In 1964 Bill Bradley was a senior at Princeton University, and a star player on the basketball team. John McPhee was just beginning his career as a writer. In a moment to make networking history, McPhee’s dad, the athletic department physician, suggested John visit campus and profile the Ivy League phenom.
The Saturday Read this week is ‘A Sense of Where You Are’, the original New Yorker article, published in the January 23, 1965 issue.
As the NCAA tournament narrows the field from 64 to 16 this weekend, let John McPhee be your ‘throwback Saturday’ guide to Princeton University in the fall of 1964.
“The basketball locker room in the gymnasium at Princeton has no blackboard, no water fountain, and, in fact, no lockers. Up on the main floor, things go along in the same vein. Collapsible grandstands pull out of the walls and crowd up to the edge of the court. Jolly alumni sometimes wander in just before a game begins, sit down on the players’ bench, and are permitted to stay there. The players themselves are a little slow getting started each year, because if they try to do some practicing on their own during the autumn they find the gymnasium full of graduate students who know their rights and won’t move over. When a fellow does get some action, it can be dangerous. The gym is so poorly designed that a scrimmaging player can be knocked down one of two flights of concrete stairs. It hardly seems possible, but at the moment this scandalous milieu includes William Warren Bradley, who is the best amateur basketball player in the United States and among the best players, amateur or professional, in the history of the sport.”
McPhee introduces us to Bradley, his work ethic, and a time when basketball competition provided “a real period of relief from the academic load”.
Stay with me, fellow time traveller. This is not fiction. This is the future Pulitzer Prize winner, and pioneer of creative non-fiction, John McPhee, painting a picture of college life and basketball in the early 1960s.
In September of his senior year, Bradley competed on the U.S. Olympic basketball team in Tokyo, defeating Russia for the gold medal. In December, he was elected a Rhodes Scholar. He opted out of an opportunity to play for the NY Knicks to study at Oxford.
“Bradley says that when he was seventeen he came to realize that life was much longer than a few winters of basketball. He is quite serious in his application to the game, but he has wider interests and, particularly, bigger ambitions.”
Last year Marc Tracy revisited McPhee, the profile that began his career at The New Yorker, and Bradley’s last NCAA tournament.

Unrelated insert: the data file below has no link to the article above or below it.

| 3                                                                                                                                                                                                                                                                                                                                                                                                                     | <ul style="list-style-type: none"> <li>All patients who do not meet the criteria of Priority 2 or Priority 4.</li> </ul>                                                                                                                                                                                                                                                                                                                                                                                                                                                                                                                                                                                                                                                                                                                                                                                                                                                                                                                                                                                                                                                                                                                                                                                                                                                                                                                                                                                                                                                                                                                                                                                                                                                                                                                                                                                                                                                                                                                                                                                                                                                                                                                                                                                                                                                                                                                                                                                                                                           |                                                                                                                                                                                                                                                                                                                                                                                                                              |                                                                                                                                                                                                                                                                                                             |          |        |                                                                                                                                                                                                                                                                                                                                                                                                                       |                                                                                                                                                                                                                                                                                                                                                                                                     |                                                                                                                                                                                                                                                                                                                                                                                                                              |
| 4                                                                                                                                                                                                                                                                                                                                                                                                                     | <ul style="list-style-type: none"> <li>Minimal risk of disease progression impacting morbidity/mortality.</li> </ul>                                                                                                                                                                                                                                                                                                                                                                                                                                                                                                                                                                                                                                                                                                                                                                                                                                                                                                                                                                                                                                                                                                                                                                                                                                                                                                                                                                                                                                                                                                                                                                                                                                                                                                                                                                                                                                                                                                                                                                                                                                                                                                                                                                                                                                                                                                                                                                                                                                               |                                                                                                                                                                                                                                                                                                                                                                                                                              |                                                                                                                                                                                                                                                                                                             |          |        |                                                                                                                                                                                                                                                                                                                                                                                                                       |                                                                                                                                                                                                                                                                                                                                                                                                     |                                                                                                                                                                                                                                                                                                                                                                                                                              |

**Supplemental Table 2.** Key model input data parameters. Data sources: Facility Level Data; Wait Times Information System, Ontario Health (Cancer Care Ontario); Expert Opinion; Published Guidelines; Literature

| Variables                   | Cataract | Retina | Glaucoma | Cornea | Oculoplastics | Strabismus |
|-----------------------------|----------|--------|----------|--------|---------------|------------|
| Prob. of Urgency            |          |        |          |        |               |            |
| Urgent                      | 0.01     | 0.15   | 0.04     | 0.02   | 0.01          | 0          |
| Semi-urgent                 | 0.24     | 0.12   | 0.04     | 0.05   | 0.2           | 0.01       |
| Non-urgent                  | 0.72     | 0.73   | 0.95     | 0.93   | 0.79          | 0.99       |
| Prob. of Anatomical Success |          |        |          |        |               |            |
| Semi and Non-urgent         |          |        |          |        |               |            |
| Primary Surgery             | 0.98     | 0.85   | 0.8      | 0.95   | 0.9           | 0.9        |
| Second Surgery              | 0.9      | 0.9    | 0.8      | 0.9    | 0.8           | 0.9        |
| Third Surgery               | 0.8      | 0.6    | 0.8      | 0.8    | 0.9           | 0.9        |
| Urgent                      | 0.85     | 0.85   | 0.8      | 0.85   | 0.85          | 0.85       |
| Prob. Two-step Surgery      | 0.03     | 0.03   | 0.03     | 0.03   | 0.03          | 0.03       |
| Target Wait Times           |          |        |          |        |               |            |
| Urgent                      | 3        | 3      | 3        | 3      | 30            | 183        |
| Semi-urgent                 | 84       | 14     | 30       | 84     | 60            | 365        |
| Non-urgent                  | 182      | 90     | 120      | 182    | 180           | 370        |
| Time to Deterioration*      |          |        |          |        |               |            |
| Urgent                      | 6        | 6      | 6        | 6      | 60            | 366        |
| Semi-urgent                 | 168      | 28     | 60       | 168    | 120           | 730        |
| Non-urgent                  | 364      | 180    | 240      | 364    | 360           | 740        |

“Fifty years earlier, McPhee had good reason to be at the Palestra for a basketball game, and for looking more than simply interested. He was covering an N.C.A.A. tournament game between Princeton and Penn State. Princeton won and then, at College Park, Md., defeated North Carolina State (whose zone press had just handled Duke) and Providence to advance to the Final Four in Portland, Ore. There, it lost to Michigan and, in the consolation game, devastated Wichita State, 118-82.”
The profile, which was later expanded into a book of the same title, provides a tutorial on basketball, and the life of one true ‘student-athlete’, as he balances his academics, sport, and community involvement.
About that title:
“I asked him what he called his over-the-shoulder shot. He said that he had never heard a name for it, but that he had seen Oscar Robertson, of the Cincinnati Royals, and Jerry West, of the Los Angeles Lakers, do it, and had worked it out for himself. He went on to say that it is a much simpler shot than it appears to be, and, to illustrate, he tossed a ball over his shoulder and into the basket while he was talking and looking me in the eye. I retrieved the ball and handed it back to him. “When you have played basketball for a while, you don’t need to look at the basket when you are in close like this,” he said, throwing it over his shoulder again and right through the hoop. “You develop a sense of where you are.”
In 1964 his classmates predicted Bradley might run for governor in his home state of Missouri, and one day run for president.
With Bradley off to Oxford, McPhee closed his profile with this sentence.
“And like Hank Luisetti, of Stanford, who never played professional basketball, he will have the almost unique distinction of taking only the name of his college with him into the chronicles of the sport.”
That was not the end of the story.
Bradley returned after earning a masters degree at Oxford to play ten seasons with the NY Knicks, and was inducted into the Basketball Hall of Fame in 1983. He served as the U.S. Senator from New Jersey (not Missouri) from 1979-1997. And he ran for president in 2000.
In the 2015, NY Times article,“Bradley explained what the book’s title means to him”.
“You have a sense of where you are in life,” he said. “You don’t get carried away. You know who you are. You understand the environment, the context in which you’re living, and you make decisions based upon the centeredness.”
He added, “You’re also always working on who you are.”